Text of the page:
Mar 12, 2020 - Health

Trump made 3 false claims in his Oval Office coronavirus speech

Photo: Win McNamee/Getty Images

The White House had to walk back three policy announcements from President Trump's Oval Office announcement Wednesday that are causing more confusion than comfort during the coronavirus outbreak.

Why it matters: COVID-19 is already here in the U.S., and in some communities, it's spreading rapidly. Trump's travel restrictions won't stop the infection in states where person-to-person spread is rampant.

1) Europe travel ban: Trump said Americans will be exempt "who have undergone appropriate screenings."

  • His words caused people in Europe to buy tickets at premium prices back to the U.S. in a panic, per the Washington Post.
  • But it will only apply to foreign nationals who have been in the Schengen region of Europe within 14 days of arrival in the U.S. It does not apply to permanent U.S. residents, citizens or immediate family of citizens, per the Department of Homeland Security.

2) Health insurers: "Have agreed to waive all copayments for coronavirus treatments," Trump said.

  • But insurers have agreed to wave copayments for testing, not treatment.

3) Trade: The White House walked back Trump's statement that the travel restrictions "apply to the tremendous amount of trade and cargo, but various other things as we get approval."

The big picture: Although Trump spent extra time making sure businesses knew he'd ease economic uncertainty, stocks fell more than 8% on Thursday morning and halted briefly for the second time this week.

  • What to watch: More mayors and governors are handling outbreaks by limiting mass gatherings of a certain size. In Seattle, that's no more than 250 people. In San Francisco and Washington, D.C., it's no more than 1,000.

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Trump says he advises coronavirus task force not to contact unappreciative governors

President Trump briefs reports at the White House on March 27. Photo: Jim Watson/AFP via Getty Images

"If they don't treat you right, I don't call," President Trump told reporters at the White House coronavirus task force briefing on Friday, referring to U.S. governors battling the spread of COVID-19.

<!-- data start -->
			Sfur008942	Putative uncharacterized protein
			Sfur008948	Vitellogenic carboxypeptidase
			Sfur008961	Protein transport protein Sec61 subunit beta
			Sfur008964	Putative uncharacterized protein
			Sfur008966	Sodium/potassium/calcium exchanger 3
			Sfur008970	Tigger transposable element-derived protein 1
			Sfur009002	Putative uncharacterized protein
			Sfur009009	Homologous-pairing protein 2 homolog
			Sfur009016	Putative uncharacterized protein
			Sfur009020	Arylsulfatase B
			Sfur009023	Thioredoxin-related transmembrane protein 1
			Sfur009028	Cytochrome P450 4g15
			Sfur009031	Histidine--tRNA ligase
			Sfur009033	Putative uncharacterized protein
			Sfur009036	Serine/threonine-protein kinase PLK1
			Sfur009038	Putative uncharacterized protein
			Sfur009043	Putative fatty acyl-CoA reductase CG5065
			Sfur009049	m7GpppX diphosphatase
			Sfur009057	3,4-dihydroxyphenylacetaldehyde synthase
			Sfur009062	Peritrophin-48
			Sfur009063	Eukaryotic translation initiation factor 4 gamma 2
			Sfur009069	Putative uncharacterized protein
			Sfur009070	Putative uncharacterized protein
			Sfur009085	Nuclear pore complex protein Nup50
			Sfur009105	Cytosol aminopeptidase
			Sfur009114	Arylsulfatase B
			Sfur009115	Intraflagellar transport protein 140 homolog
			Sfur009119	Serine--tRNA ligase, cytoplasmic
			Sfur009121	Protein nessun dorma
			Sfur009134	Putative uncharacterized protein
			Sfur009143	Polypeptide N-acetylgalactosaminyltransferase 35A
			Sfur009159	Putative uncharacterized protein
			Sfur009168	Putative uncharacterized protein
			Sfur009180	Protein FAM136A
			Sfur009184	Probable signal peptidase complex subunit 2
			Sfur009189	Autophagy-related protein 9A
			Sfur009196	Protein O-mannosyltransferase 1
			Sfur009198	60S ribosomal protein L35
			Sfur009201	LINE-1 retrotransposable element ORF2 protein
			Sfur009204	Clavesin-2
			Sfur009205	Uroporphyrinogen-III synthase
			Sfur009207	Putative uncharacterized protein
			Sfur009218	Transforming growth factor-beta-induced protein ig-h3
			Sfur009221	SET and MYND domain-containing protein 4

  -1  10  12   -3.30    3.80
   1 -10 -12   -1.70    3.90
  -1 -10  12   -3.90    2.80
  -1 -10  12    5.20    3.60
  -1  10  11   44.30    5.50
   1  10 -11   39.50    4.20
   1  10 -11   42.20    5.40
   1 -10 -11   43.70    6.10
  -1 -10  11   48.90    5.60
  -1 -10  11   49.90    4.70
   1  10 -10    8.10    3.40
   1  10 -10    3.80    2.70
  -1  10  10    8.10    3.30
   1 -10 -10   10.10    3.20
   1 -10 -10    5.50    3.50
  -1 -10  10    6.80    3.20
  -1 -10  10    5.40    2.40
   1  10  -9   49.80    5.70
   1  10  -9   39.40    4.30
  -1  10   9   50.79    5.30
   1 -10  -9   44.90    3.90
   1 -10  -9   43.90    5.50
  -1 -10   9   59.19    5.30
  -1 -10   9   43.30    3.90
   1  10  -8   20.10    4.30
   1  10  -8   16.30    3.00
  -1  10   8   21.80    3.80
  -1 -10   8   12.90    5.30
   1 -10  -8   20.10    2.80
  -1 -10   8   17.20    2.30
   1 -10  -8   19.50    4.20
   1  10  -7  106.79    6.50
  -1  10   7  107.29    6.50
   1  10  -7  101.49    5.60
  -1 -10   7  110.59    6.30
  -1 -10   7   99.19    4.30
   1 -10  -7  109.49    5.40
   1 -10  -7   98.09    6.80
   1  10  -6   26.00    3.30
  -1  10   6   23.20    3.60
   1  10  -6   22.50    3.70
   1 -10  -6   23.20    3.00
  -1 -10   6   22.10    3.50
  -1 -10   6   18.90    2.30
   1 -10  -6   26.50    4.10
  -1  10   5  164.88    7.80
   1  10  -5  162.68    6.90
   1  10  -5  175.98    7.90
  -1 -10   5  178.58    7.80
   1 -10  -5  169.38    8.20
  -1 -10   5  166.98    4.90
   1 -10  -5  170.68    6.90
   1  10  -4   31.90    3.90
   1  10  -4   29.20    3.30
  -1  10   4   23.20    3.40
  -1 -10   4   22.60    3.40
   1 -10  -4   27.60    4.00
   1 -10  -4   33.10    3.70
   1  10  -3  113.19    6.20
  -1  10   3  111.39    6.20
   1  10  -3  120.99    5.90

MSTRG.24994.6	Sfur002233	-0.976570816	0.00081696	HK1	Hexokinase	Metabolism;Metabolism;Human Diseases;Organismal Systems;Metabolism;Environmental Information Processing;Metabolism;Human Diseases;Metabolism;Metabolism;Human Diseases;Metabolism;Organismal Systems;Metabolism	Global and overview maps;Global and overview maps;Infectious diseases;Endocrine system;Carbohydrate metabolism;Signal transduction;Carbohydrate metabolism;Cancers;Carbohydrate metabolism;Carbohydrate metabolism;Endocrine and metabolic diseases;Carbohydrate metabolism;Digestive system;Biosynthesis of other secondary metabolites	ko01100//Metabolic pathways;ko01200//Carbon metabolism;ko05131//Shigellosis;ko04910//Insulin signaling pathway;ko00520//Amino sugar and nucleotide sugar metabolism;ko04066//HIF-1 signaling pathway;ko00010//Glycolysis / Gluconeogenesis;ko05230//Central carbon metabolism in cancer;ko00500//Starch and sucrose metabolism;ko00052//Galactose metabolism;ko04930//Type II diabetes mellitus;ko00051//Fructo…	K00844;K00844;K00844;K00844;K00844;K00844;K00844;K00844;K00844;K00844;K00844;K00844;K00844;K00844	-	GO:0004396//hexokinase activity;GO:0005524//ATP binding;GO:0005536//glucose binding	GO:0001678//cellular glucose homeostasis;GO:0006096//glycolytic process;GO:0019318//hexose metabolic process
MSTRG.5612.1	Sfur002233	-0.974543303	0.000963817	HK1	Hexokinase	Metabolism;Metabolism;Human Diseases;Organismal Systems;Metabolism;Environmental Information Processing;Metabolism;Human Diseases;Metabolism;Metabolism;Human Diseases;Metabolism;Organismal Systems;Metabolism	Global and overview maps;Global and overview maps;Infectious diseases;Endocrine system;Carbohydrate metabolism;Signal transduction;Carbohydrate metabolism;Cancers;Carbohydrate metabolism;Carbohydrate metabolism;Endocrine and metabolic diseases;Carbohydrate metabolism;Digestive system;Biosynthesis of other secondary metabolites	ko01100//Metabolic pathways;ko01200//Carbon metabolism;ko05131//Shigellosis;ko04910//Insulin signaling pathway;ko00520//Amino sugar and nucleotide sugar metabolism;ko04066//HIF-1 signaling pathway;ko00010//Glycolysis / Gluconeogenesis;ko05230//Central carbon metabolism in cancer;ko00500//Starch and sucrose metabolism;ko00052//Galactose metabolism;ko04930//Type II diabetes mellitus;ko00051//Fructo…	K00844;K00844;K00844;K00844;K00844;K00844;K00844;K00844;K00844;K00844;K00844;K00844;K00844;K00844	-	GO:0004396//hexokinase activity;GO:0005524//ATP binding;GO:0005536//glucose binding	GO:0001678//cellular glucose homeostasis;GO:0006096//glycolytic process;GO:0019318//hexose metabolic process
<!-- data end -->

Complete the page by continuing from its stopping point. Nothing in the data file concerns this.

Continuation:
What he's saying: Trump said that while "generally speaking," the nation's governors have been appreciative of his administration's efforts to combat the spread of COVID-19, there are some — including Washington Gov. Jay Inslee and Michigan Gov. Gretchen Whitmer — who the task force should not bother contacting.

White House urges public to avoid gatherings of more than 10 people

The White House's coronavirus task force announced tougher guidelines on Monday to help slow the spread of the disease, including limiting social gatherings of more than 10 people.

Why it matters: The tougher guidelines, which will be in place for at least a 15-day period, come as the number of reported cases in the U.S. has surpassed 4,000. President Trump said the changes to everyday life as a result of the crisis could be the "new normal" in the U.S. until July or August.

Go deeperArrowUpdated Mar 16, 2020 - Health

Biden blasts Trump's coronavirus response: "This is not personal"

Former Vice President Joe Biden said that President Trump should "stop personalizing everything" in his approach to dealing the novel coronavirus pandemic, at a CNN town hall on Friday.

Driving the news: "If they don't treat you right, I don't call," Trump told reporters at the White House coronavirus task force briefing on Friday, referring to managing COVID-19. Trump said Vice President Mike Pence "calls all the governors," but he advises Pence against contacting those he views as unappreciative.